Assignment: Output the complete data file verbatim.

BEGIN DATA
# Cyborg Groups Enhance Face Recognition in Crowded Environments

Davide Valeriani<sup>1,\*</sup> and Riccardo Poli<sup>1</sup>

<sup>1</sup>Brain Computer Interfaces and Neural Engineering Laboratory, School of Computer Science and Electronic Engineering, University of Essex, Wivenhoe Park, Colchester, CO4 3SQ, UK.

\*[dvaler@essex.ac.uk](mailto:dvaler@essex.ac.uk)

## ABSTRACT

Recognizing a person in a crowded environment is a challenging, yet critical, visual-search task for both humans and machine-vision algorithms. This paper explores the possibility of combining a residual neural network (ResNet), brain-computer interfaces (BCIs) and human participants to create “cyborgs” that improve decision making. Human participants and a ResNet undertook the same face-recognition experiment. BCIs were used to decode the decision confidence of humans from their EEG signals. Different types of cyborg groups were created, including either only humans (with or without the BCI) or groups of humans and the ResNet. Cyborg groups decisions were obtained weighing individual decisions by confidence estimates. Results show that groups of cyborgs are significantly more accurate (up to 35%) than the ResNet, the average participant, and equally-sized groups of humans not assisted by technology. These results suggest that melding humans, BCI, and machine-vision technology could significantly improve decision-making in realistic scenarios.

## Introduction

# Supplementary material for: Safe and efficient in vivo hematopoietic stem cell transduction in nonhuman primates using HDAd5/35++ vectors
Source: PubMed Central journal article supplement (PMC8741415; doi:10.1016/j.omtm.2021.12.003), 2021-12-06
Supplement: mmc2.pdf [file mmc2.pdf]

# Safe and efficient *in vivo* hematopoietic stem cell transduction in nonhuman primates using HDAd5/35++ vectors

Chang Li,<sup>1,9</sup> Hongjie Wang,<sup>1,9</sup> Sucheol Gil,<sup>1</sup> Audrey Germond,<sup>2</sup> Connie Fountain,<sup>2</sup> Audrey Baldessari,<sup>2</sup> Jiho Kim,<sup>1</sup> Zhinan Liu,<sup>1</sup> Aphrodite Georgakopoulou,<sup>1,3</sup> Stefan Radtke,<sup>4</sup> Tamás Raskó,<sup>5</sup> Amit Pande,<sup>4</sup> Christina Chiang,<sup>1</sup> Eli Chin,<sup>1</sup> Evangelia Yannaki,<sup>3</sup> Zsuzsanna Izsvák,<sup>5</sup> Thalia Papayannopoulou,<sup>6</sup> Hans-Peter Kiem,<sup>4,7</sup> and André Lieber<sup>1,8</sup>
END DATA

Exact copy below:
# Cyborg Groups Enhance Face Recognition in Crowded Environments

Davide Valeriani<sup>1,\*</sup> and Riccardo Poli<sup>1</sup>

<sup>1</sup>Brain Computer Interfaces and Neural Engineering Laboratory, School of Computer Science and Electronic Engineering, University of Essex, Wivenhoe Park, Colchester, CO4 3SQ, UK.

\*[dvaler@essex.ac.uk](mailto:dvaler@essex.ac.uk)

## ABSTRACT

Recognizing a person in a crowded environment is a challenging, yet critical, visual-search task for both humans and machine-vision algorithms. This paper explores the possibility of combining a residual neural network (ResNet), brain-computer interfaces (BCIs) and human participants to create “cyborgs” that improve decision making. Human participants and a ResNet undertook the same face-recognition experiment. BCIs were used to decode the decision confidence of humans from their EEG signals. Different types of cyborg groups were created, including either only humans (with or without the BCI) or groups of humans and the ResNet. Cyborg groups decisions were obtained weighing individual decisions by confidence estimates. Results show that groups of cyborgs are significantly more accurate (up to 35%) than the ResNet, the average participant, and equally-sized groups of humans not assisted by technology. These results suggest that melding humans, BCI, and machine-vision technology could significantly improve decision-making in realistic scenarios.

## Introduction

# Supplementary material for: Safe and efficient in vivo hematopoietic stem cell transduction in nonhuman primates using HDAd5/35++ vectors
Source: PubMed Central journal article supplement (PMC8741415; doi:10.1016/j.omtm.2021.12.003), 2021-12-06
Supplement: mmc2.pdf [file mmc2.pdf]

# Safe and efficient *in vivo* hematopoietic stem cell transduction in nonhuman primates using HDAd5/35++ vectors

Chang Li,<sup>1,9</sup> Hongjie Wang,<sup>1,9</sup> Sucheol Gil,<sup>1</sup> Audrey Germond,<sup>2</sup> Connie Fountain,<sup>2</sup> Audrey Baldessari,<sup>2</sup> Jiho Kim,<sup>1</sup> Zhinan Liu,<sup>1</sup> Aphrodite Georgakopoulou,<sup>1,3</sup> Stefan Radtke,<sup>4</sup> Tamás Raskó,<sup>5</sup> Amit Pande,<sup>4</sup> Christina Chiang,<sup>1</sup> Eli Chin,<sup>1</sup> Evangelia Yannaki,<sup>3</sup> Zsuzsanna Izsvák,<sup>5</sup> Thalia Papayannopoulou,<sup>6</sup> Hans-Peter Kiem,<sup>4,7</sup> and André Lieber<sup>1,8</sup>